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Patient satisfaction suffers under poor hospital admission & discharge

Patient satisfaction scores were lower when patients did not receive good post-discharge notes and communication.

Healthcare organizations working on improving the hospital patient experience need to focus on the admission and discharge process, with new J.D. Power survey data showing that patients are frustrated by a lack of information and long wait times.

The data, based on surveying of just under 3,000 adult patients experiencing an overnight hospital stay in the past six months, also underscore serious staffing problems in the hospital setting. In addition to long wait times and poor discharge patient engagement, respondents reported that it can sometimes be hard to get ahold of a physician when they feel it is necessary to speak to one.

These findings come as healthcare continues to grapple with staffing problems. In an October 2023 healthcare leader survey, respondents said that staffing shortages were a worse issue than finances.

This J.D. Power survey shows that staffing woes are starting to affect the overall patient experience because there are not enough staff to deliver on the items that influence a good patient satisfaction score.

For around a third of patients (34 percent), the admission and discharge processes can make or break a patient satisfaction score. And right now, hospitals may be under-delivering.

For example, 49 percent of respondents said it took more than two hours to get to their room. Delays in care indicate some process challenges, including not having enough staff and resources to meet patient demand.

In terms of the discharge process, patients are pushing for more information and clearer communication. Specifically, patients want written descriptions of their symptoms and certain health problems they should be aware of after leaving the hospital. Hospitals can accomplish this by providing accessible post-discharge notes—meaning notes available in different languages and free of medical jargon—to patients, J.D. Power advised.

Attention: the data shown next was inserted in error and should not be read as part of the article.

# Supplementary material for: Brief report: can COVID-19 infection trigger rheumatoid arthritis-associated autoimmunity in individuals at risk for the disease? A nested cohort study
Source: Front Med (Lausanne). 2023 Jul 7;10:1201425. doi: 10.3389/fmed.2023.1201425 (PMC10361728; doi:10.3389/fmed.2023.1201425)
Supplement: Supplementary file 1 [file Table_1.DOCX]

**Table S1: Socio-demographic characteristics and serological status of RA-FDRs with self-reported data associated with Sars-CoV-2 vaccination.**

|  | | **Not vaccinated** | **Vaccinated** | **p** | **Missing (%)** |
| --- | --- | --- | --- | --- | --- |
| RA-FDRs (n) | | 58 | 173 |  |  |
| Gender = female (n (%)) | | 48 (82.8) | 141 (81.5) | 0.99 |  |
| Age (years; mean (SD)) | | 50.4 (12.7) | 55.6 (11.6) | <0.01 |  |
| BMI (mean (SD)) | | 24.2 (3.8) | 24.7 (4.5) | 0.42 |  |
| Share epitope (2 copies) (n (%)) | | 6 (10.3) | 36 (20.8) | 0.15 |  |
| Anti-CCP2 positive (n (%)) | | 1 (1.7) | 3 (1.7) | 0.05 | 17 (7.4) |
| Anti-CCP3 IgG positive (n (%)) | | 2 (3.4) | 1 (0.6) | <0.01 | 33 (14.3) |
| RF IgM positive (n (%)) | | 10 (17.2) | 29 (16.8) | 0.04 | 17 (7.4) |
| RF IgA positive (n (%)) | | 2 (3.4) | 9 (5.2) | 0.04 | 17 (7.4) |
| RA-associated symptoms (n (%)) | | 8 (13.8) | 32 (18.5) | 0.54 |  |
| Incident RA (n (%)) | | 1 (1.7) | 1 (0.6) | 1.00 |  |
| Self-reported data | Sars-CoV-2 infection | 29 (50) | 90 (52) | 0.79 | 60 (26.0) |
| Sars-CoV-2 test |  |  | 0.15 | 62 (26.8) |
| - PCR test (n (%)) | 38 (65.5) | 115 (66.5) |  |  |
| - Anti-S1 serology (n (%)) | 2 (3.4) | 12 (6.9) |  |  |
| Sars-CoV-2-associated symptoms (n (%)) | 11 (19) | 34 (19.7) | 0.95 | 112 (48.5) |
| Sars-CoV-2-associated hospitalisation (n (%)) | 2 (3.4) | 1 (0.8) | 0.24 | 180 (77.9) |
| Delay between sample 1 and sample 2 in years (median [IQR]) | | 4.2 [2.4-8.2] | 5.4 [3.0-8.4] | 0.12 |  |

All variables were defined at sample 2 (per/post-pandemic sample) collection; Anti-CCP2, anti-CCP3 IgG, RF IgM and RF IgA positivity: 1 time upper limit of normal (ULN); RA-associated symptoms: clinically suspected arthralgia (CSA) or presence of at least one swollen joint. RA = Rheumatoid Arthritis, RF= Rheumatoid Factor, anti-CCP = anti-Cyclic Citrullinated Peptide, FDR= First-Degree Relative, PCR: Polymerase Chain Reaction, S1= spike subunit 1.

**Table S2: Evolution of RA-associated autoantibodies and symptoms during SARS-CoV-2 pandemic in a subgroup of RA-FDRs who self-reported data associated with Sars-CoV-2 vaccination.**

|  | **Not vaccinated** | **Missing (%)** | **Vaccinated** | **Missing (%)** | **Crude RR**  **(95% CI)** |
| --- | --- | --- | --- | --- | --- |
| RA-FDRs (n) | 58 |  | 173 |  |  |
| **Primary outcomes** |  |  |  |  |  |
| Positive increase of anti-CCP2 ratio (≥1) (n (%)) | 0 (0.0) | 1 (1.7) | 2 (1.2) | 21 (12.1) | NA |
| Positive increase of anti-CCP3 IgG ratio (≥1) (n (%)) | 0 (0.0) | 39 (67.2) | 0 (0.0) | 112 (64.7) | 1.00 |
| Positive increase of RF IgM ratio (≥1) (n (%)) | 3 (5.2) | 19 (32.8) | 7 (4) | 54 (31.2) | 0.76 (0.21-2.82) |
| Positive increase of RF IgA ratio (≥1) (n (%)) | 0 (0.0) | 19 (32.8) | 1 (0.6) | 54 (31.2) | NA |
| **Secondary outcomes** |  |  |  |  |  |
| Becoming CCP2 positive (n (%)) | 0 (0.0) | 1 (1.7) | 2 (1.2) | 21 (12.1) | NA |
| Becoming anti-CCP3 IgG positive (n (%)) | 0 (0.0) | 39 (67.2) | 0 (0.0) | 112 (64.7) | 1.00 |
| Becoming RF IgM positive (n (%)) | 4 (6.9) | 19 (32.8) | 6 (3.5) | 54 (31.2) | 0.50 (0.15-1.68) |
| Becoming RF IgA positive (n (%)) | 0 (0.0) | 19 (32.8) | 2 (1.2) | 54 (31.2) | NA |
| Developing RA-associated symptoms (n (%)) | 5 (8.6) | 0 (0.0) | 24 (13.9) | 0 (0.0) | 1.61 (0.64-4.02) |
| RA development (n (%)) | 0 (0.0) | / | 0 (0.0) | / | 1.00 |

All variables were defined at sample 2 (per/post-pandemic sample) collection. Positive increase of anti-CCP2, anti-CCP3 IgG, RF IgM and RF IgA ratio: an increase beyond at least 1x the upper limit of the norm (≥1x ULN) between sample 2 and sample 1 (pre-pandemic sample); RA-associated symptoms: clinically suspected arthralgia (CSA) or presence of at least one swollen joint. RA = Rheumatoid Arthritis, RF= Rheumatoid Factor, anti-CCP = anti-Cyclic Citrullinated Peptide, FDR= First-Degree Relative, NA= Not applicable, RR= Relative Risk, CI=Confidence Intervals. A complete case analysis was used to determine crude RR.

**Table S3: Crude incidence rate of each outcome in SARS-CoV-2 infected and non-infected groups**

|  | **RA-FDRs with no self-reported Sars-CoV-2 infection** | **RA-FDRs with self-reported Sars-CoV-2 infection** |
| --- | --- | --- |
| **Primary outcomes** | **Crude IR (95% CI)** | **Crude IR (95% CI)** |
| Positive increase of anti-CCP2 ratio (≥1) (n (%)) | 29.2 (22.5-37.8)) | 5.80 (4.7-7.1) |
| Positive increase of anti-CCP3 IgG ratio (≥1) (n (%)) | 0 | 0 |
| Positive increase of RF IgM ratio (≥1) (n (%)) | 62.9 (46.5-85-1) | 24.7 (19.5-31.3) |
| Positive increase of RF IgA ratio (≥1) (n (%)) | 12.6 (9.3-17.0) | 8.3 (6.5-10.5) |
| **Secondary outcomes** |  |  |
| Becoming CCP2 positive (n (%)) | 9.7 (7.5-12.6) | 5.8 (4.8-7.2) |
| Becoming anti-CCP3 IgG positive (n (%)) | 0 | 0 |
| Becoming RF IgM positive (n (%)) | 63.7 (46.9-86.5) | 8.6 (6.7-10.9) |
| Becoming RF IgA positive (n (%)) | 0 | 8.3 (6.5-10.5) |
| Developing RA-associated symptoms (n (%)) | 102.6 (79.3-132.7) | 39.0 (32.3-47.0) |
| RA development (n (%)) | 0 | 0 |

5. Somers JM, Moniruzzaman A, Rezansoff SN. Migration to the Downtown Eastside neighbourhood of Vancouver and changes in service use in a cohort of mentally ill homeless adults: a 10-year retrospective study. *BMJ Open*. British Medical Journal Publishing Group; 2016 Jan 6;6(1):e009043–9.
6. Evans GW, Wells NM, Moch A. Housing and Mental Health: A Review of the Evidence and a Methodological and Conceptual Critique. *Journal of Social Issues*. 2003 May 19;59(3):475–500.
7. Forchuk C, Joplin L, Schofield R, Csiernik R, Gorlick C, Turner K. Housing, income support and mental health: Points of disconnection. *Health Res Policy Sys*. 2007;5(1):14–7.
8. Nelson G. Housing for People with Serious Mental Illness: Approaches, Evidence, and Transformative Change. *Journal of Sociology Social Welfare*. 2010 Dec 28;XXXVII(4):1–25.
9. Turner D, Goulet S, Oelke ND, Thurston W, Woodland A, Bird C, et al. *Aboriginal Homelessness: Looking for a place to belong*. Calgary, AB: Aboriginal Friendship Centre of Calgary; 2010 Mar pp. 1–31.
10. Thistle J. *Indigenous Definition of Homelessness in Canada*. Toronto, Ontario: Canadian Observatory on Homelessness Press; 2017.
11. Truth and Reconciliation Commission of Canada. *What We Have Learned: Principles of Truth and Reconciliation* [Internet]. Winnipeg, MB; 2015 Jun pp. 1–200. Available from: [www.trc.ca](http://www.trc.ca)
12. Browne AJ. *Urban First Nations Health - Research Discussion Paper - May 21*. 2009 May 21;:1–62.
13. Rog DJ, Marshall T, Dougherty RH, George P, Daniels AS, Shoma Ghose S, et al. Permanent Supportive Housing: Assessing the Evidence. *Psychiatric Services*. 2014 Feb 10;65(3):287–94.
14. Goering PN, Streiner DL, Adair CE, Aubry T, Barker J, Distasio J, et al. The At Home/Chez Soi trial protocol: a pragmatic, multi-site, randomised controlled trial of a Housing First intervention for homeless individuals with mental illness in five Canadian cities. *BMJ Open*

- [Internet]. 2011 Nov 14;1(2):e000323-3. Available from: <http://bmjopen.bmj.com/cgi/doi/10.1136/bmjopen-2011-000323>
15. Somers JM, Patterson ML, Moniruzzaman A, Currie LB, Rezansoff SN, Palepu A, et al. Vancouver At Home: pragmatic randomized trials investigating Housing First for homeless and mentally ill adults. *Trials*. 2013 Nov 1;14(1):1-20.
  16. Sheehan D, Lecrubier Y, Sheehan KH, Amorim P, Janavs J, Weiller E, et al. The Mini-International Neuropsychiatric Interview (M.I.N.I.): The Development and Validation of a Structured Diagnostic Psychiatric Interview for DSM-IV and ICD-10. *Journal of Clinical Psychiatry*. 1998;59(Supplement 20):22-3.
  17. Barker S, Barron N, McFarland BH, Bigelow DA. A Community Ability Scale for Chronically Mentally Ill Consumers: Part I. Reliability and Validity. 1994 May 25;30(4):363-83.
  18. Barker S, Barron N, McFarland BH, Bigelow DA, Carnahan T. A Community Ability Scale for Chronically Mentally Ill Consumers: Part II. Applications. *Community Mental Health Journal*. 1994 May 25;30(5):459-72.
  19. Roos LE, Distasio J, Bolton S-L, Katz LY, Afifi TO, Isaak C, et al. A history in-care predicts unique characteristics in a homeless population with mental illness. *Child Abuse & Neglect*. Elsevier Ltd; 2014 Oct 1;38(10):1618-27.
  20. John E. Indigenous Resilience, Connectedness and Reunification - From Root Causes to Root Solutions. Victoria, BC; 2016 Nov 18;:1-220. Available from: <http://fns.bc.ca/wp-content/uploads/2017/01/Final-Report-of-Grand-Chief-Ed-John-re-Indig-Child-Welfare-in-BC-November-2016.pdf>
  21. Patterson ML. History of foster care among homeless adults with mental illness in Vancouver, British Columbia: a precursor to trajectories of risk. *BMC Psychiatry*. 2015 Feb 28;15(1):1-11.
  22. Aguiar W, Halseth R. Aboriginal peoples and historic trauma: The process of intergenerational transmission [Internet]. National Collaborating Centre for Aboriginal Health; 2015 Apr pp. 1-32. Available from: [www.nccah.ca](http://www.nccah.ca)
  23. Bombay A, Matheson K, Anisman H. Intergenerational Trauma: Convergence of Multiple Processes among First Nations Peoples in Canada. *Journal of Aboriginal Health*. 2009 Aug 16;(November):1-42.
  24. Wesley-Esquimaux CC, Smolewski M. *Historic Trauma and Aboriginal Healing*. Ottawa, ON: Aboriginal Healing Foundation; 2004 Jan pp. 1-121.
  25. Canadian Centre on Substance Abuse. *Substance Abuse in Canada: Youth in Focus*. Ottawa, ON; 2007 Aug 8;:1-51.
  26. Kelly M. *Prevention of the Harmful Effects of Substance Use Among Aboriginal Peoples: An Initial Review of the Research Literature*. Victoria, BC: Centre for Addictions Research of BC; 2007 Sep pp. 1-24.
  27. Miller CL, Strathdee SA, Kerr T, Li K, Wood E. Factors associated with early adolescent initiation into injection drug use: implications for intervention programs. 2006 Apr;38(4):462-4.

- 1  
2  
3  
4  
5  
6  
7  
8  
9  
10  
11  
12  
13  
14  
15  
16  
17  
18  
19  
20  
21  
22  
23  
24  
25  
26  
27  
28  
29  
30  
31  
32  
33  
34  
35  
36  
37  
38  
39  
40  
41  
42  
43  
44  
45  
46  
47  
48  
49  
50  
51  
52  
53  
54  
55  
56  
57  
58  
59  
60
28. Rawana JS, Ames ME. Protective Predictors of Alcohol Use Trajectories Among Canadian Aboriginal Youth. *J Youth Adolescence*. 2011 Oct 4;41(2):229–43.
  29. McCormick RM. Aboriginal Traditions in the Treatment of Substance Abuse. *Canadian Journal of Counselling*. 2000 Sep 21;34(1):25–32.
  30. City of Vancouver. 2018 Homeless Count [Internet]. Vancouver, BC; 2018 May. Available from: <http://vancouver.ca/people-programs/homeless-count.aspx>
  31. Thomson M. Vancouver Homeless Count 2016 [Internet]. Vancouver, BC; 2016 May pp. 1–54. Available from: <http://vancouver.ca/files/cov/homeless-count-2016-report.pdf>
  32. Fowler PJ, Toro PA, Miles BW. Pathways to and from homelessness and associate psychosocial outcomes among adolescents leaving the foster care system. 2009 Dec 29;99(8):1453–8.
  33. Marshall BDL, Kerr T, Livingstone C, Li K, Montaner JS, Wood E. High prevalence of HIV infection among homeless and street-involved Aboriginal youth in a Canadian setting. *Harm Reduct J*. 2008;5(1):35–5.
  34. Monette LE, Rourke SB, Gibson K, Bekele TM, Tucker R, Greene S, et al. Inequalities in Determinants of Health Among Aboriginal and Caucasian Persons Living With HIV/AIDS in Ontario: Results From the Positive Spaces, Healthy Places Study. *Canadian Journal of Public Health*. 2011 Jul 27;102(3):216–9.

Indeed, patient access to clinical notes and post-discharge information swayed patient satisfaction scores, the report author said. When patients were able to access post-charge notes, they were more likely to give high patient satisfaction scores.

But it’s not just during the admission and discharge process that hospitals are feeling the pinch of low staffing levels. Physician staffing levels are also unable to keep up with patient needs.

Only about a third (36 percent) of patient respondents said they were always able to speak with a physician when needed. That’s down from 43 percent in 2011, which is when J.D. Power last conducted this study.

When patients do meet with doctors, they report high satisfaction, and they are also satisfied with the clinicians who they do see.

For example, 83 percent of patients said their nurses always described their care plan for the day, and 80 percent said they heard from a nurse manager/leader to report how their hospital experience was going. Another 87 percent of patients said their nurses notified them in advance to expect certain tests or procedures, and 85 percent said scheduled tests were performed on time.

In addition to staffing and communication issues, J.D. Power reported that certain comforts and amenities are detracting from the overall patient experience. Patients are indeed giving poor scores to factors like food and beverage, but there are other notable comforts that are missing, too.

For example, only 45 percent of patients said the area around their rooms was always quiet at night. Ambient noise and light can cause patient discomfort and get in the way of patients getting rest while in the hospital.

Of course, it is impossible to avoid ambient noise and light entirely because hospital care is 24/7. J.D. Power advised hospital staff to work to keep conversations out of the hallways and to turn off any unnecessary lights.

Importantly, 68 percent of patients said their room and bathroom were always kept clean.

“Making patients feel like a partner in their care, by engaging them with easy-to-understand care notes or coordinating scheduled admission times in a way that reduces long waits, can help,” the report author said in the report. “Improving the ancillary services, like food and beverage, would also make a difference. Facilities that can do this, plus manage staff and ensure patients feel they have access to their caregivers, will see a meaningful boost in their overall patient satisfaction.”

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